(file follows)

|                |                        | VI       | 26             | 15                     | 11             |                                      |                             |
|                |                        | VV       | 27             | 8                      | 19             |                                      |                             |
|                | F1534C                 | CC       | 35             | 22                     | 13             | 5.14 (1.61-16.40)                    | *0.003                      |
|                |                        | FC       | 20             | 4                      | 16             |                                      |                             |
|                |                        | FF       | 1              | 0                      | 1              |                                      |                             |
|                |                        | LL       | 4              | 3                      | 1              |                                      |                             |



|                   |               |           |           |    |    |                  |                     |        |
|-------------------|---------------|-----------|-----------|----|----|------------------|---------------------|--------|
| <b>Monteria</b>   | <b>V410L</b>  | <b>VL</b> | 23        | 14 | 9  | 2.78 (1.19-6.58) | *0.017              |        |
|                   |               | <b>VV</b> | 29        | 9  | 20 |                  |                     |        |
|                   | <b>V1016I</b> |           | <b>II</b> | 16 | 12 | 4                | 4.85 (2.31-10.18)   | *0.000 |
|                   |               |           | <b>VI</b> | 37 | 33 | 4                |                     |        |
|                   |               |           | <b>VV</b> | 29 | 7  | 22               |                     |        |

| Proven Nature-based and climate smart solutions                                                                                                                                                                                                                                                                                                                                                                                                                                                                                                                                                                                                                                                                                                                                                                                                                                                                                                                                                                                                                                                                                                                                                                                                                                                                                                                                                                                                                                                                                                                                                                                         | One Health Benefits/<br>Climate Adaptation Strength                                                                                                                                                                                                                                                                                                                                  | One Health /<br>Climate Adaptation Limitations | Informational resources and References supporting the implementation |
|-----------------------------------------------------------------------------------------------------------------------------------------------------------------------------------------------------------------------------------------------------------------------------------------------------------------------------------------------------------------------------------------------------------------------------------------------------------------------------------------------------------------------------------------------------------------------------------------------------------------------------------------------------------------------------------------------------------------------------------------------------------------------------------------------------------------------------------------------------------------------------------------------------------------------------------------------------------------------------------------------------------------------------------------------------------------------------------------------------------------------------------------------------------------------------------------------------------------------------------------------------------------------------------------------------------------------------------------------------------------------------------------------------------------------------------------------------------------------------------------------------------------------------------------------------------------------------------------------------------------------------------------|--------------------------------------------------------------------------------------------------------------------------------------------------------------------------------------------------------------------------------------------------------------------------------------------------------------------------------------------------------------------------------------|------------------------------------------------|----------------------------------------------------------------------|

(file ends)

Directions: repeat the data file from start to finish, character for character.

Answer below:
|                |                        | VI       | 26             | 15                     | 11             |                                      |                             |
|                |                        | VV       | 27             | 8                      | 19             |                                      |                             |
|                | F1534C                 | CC       | 35             | 22                     | 13             | 5.14 (1.61-16.40)                    | *0.003                      |
|                |                        | FC       | 20             | 4                      | 16             |                                      |                             |
|                |                        | FF       | 1              | 0                      | 1              |                                      |                             |
|                |                        | LL       | 4              | 3                      | 1              |                                      |                             |



|                   |               |           |           |    |    |                  |                     |        |
|-------------------|---------------|-----------|-----------|----|----|------------------|---------------------|--------|
| <b>Monteria</b>   | <b>V410L</b>  | <b>VL</b> | 23        | 14 | 9  | 2.78 (1.19-6.58) | *0.017              |        |
|                   |               | <b>VV</b> | 29        | 9  | 20 |                  |                     |        |
|                   | <b>V1016I</b> |           | <b>II</b> | 16 | 12 | 4                | 4.85 (2.31-10.18)   | *0.000 |
|                   |               |           | <b>VI</b> | 37 | 33 | 4                |                     |        |
|                   |               |           | <b>VV</b> | 29 | 7  | 22               |                     |        |

| Proven Nature-based and climate smart solutions                                                                                                                                                                                                                                                                                                                                                                                                                                                                                                                                                                                                                                                                                                                                                                                                                                                                                                                                                                                                                                                                                                                                                                                                                                                                                                                                                                                                                                                                                                                                                                                         | One Health Benefits/<br>Climate Adaptation Strength                                                                                                                                                                                                                                                                                                                                  | One Health /<br>Climate Adaptation Limitations | Informational resources and References supporting the implementation |
|-----------------------------------------------------------------------------------------------------------------------------------------------------------------------------------------------------------------------------------------------------------------------------------------------------------------------------------------------------------------------------------------------------------------------------------------------------------------------------------------------------------------------------------------------------------------------------------------------------------------------------------------------------------------------------------------------------------------------------------------------------------------------------------------------------------------------------------------------------------------------------------------------------------------------------------------------------------------------------------------------------------------------------------------------------------------------------------------------------------------------------------------------------------------------------------------------------------------------------------------------------------------------------------------------------------------------------------------------------------------------------------------------------------------------------------------------------------------------------------------------------------------------------------------------------------------------------------------------------------------------------------------|--------------------------------------------------------------------------------------------------------------------------------------------------------------------------------------------------------------------------------------------------------------------------------------------------------------------------------------------------------------------------------------|------------------------------------------------|----------------------------------------------------------------------|